lesser known, no less remarkable (part 2)

After my previous post about Chatham and Stewart Islands, the question most asked of me is, “Why did you go there?” My short response (from Robert Dessaix’s closing line in his 2001 novel, Corfu) is, “…to see what I might see”. It’s valid for any destination; quite apposite given my photographic appetite, and what's more; hints at a sense of adventure.

There are, of course, other reasons for journeying to an occasional remote island, but the most edifying is to experience first-hand, and become at least a little familiar with cultures that have withstood the homogenising tendencies of global economic integration (not to mention proselytising religions).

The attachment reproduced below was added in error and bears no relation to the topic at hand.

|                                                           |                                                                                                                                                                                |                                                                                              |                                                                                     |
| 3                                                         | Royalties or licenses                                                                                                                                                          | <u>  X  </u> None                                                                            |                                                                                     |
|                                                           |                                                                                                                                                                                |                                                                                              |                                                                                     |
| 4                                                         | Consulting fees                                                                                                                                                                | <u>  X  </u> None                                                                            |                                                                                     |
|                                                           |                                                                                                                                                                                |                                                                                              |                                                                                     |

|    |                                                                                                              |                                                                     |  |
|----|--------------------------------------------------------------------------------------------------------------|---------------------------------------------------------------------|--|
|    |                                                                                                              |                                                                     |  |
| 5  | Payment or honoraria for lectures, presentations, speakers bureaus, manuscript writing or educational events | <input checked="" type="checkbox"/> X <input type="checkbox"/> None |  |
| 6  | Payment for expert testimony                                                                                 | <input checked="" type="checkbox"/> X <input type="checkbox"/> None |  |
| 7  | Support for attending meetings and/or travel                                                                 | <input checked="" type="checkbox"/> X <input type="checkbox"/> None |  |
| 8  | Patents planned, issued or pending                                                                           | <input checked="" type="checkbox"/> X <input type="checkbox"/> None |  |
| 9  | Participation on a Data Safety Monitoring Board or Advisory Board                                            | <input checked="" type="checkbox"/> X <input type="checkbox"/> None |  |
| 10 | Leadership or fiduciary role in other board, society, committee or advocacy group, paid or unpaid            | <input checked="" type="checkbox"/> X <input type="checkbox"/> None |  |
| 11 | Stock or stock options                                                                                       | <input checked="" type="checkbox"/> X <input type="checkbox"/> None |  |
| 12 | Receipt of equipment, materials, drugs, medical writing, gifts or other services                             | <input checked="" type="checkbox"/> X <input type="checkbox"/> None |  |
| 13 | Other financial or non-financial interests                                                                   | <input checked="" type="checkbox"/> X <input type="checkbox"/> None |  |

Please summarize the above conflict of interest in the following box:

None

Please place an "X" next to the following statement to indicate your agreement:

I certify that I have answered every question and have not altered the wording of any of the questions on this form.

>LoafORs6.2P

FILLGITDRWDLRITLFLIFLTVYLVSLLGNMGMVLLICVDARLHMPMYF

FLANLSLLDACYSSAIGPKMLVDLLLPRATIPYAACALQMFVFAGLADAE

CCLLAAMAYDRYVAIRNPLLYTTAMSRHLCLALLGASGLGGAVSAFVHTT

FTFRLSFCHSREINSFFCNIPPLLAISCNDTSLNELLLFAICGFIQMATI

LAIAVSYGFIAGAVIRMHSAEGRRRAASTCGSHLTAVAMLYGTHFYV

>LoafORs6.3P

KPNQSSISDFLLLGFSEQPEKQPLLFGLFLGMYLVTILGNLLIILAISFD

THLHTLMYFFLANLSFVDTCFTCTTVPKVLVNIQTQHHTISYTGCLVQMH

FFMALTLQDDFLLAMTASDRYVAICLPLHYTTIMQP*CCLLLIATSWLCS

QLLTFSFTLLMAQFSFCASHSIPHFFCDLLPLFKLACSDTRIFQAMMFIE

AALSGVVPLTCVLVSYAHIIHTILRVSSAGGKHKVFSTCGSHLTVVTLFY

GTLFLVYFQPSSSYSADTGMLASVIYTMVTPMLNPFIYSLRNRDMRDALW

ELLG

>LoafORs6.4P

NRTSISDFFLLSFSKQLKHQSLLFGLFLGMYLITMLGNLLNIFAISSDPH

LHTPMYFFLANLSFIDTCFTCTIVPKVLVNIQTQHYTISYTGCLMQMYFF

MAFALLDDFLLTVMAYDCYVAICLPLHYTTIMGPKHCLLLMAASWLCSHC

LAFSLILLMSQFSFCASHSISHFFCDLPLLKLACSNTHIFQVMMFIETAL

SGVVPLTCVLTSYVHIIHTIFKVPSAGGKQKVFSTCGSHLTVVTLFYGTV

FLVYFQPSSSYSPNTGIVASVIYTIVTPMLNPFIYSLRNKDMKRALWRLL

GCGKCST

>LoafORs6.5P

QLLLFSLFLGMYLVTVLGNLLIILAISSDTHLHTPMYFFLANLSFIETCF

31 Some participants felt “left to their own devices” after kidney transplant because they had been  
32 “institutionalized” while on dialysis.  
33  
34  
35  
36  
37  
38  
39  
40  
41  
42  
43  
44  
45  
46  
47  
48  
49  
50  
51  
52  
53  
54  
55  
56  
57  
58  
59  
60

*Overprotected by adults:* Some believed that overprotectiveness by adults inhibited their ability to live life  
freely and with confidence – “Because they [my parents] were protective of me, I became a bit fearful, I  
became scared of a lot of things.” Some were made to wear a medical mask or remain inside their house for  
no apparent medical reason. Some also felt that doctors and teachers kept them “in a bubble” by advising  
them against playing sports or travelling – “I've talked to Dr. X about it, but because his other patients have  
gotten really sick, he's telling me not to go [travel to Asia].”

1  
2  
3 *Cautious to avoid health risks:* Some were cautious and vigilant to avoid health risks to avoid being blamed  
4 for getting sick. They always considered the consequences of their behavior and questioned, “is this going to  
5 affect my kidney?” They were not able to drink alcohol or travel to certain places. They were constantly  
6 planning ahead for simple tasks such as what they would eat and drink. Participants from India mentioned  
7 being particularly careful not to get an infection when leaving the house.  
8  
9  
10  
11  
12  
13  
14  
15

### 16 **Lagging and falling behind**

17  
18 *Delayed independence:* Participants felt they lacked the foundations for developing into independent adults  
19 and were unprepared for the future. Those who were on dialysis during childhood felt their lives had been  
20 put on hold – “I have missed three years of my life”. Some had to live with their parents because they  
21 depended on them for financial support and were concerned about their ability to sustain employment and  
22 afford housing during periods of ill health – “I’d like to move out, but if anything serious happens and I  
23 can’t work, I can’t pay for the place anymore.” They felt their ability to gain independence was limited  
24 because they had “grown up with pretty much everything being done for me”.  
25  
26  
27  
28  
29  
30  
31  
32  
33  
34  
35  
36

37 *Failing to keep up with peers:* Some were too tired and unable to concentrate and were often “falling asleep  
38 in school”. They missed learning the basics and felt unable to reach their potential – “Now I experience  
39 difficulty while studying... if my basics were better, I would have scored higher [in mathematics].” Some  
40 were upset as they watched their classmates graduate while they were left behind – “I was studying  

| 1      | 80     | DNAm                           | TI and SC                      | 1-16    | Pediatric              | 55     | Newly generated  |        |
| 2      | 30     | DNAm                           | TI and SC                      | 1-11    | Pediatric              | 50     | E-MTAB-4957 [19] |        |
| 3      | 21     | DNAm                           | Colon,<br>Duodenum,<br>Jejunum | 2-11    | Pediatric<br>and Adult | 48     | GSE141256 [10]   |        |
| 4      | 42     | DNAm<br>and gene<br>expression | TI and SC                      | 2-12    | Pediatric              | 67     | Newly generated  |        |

That isn’t to say that some communities from the almost 40 islands I’ve visited wouldn’t benefit from improved access to quality primary and secondary education, health services, and markets. But such progress shouldn’t be at the cost of the best their cultures have to offer. What I admire most about the communities I've had the great privilege to be welcomed to is their remarkable tenacity and resilience, interdependence and palpable sense of community, and (perhaps contrary to some expectations), acceptance of and hospitality toward strangers.

Travellers to New Zealand are overwhelmingly attracted to the North Island's striking geothermal wonders, and South Island's mountainous beauty and rugged west coast. And while the lesser islands of Chatham and Stewart haven't the same spectacular draw-cards, they are for me no less remarkable. I hope my images reveal something of the idiosyncratic essence of both islands and their communities.